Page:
I understand very well the harm that is caused when someone decides to stop showing up for life. I see also the harm that is caused when someone flails around wielding their death wish like an amulet against responsibility. But it’s also true that even when we show up fully to life, are all in, we will still cause harm. The harm is not optional. Yom Kippur is not so much a day that is about begging to be forgiven for the harm, begging for the right to stay here to do better, this year. It’s not about asking at all. It’s about choosing.
My friend made a choice to stop showing up. For all the years of my life I’ve made the other choice, even the years I was most sunk into one self-destructive urge or another, I still, basically, chose to show up. Sometimes I would sink into a deep depression and see what ways I was not showing up, what harm I was causing, and then I would do something different. I would try to do better. I don’t need an angry God I don’t exactly believe in to sit in judgment over me deciding whether I deserve to live or die. I’m already exceptionally good at judging myself, thank you much.
No, it’s not about asking to live. It’s about choosing to show up, knowing that if I keep showing up I’ll also keep fucking up, because fucking up is part of what happens when you show up. Sometimes I’ll fuck up because I made bad choices that I can learn from, sometimes I’ll fuck up because I made the best choice I could and even the best choice you can make might still be a pretty terrible choice, might cause harm. Showing up to live isn’t any guarantee that you won’t cause harm along the way, it’s the opposite. That’s a bitter pill to swallow, for sure.
And yet, I still believe the alternative is worse.
I have made it a long way in my life showing up to live as best I can, trying to accept responsibility for the harms I’ve caused along the way and make my peace with the psychic pain I cannot cure or flee.
I have spent the last several days asking everyone who loves me why I can’t let these things go. How could I? Like Hamlet, I stand always at a grave asking a skull whether I should Be. And yet I continue to be. I keep asking that question, every day I ask myself, and every day I answer yes, I will keep showing up. I am in this, not to win it, because what does that even mean, but because I choose to be.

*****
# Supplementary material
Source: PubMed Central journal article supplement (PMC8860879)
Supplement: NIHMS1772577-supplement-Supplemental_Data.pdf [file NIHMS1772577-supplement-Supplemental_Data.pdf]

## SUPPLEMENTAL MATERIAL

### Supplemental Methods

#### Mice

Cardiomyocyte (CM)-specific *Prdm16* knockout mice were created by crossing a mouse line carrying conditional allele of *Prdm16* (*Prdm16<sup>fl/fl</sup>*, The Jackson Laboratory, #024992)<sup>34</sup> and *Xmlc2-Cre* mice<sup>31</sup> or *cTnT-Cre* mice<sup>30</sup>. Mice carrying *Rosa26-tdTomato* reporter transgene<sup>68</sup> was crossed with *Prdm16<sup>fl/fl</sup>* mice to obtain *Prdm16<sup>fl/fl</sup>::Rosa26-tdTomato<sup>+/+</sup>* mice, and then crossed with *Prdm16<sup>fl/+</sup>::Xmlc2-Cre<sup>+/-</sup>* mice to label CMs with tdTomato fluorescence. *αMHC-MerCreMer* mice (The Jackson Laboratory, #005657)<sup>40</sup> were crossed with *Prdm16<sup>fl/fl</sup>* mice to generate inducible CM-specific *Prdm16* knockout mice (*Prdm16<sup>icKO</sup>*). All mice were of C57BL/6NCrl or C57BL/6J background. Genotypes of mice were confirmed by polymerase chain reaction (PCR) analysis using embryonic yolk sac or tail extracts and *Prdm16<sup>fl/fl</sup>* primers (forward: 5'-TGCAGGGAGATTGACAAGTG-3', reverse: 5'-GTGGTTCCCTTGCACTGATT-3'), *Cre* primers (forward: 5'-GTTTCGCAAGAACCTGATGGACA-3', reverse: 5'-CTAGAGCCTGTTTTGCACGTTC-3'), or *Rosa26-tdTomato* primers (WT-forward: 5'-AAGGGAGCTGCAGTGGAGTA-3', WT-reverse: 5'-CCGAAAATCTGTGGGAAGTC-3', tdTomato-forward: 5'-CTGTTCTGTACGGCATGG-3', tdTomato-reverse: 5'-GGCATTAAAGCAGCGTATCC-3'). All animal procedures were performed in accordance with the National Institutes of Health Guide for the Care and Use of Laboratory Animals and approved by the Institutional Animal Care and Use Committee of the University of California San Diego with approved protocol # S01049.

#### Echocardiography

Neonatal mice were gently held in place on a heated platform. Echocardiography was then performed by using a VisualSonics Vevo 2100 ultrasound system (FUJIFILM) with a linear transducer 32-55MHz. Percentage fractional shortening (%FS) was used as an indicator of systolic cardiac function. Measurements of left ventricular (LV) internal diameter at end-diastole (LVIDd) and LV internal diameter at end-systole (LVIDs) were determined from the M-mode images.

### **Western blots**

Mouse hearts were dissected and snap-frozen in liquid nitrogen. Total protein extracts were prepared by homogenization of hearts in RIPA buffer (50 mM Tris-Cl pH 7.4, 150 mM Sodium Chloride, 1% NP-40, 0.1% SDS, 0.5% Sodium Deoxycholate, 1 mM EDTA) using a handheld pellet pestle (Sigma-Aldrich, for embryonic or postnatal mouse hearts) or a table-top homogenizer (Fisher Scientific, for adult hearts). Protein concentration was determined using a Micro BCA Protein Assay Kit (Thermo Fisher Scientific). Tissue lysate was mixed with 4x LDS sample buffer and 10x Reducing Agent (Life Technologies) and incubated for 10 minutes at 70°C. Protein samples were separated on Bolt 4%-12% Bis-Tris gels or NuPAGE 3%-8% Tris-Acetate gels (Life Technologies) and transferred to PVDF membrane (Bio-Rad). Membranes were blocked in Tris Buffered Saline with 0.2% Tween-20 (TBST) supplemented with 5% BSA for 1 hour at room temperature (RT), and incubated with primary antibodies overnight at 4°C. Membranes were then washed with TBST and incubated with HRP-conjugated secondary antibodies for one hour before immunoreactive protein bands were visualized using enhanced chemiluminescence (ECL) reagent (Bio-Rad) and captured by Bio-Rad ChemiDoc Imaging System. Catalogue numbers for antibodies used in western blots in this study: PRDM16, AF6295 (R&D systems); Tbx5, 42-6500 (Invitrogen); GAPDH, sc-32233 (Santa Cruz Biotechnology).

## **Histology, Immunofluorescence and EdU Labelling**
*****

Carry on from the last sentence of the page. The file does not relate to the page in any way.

I don’t have to make that choice. No one has to make that choice, it’s not inevitable. He didn’t. One of the last things he told me, in essence, was that he didn’t owe me — or anyone — his life. And that’s true.
I don’t owe anyone else my life. For all the pain his death caused me, all that shrapnel, as deeply as I wish he were still here, he didn’t owe me his survival.
It is true that I always feel the weight of my responsibility to others: to my children, to the folks I work with, to everyone whose lives I touch in any way. But I don’t choose every day to continue to live because of my obligations to others. I don’t even do it because I feel an obligation to myself, or because I feel an obligation to … Something Else.
On Yom Kippur the question is not “what must I do to survive?” and it is not “why must I choose to survive?” neither of which are very compelling to me.
It’s this: is my life a gift I am still willing to give to this world? And can I feel it not just as a free-given gift to others, but as a gift to myself? Can I continue this magic trick, bend this darkness so far that it turns into light? Can I make something beautiful, so beautiful even I can enjoy it? Will I try?
Yes. I write myself into the Book of Life. “yes I said yes I will Yes.”1
Here’s one of many poems I wrote about the dead man, and here’s another of them and another. Here’s a thing where I talk about what it means to play the hand you’re dealt, and here’s another thing I wrote about how you can only save your own life. I don’t know which newsletter this particular thing goes in and I don’t know who wants this particular gift besides me. But here, yes, here I am, showing up the only way I know how, with the only thing I have to give, myself, for another day, another year, another decade, another and another and another.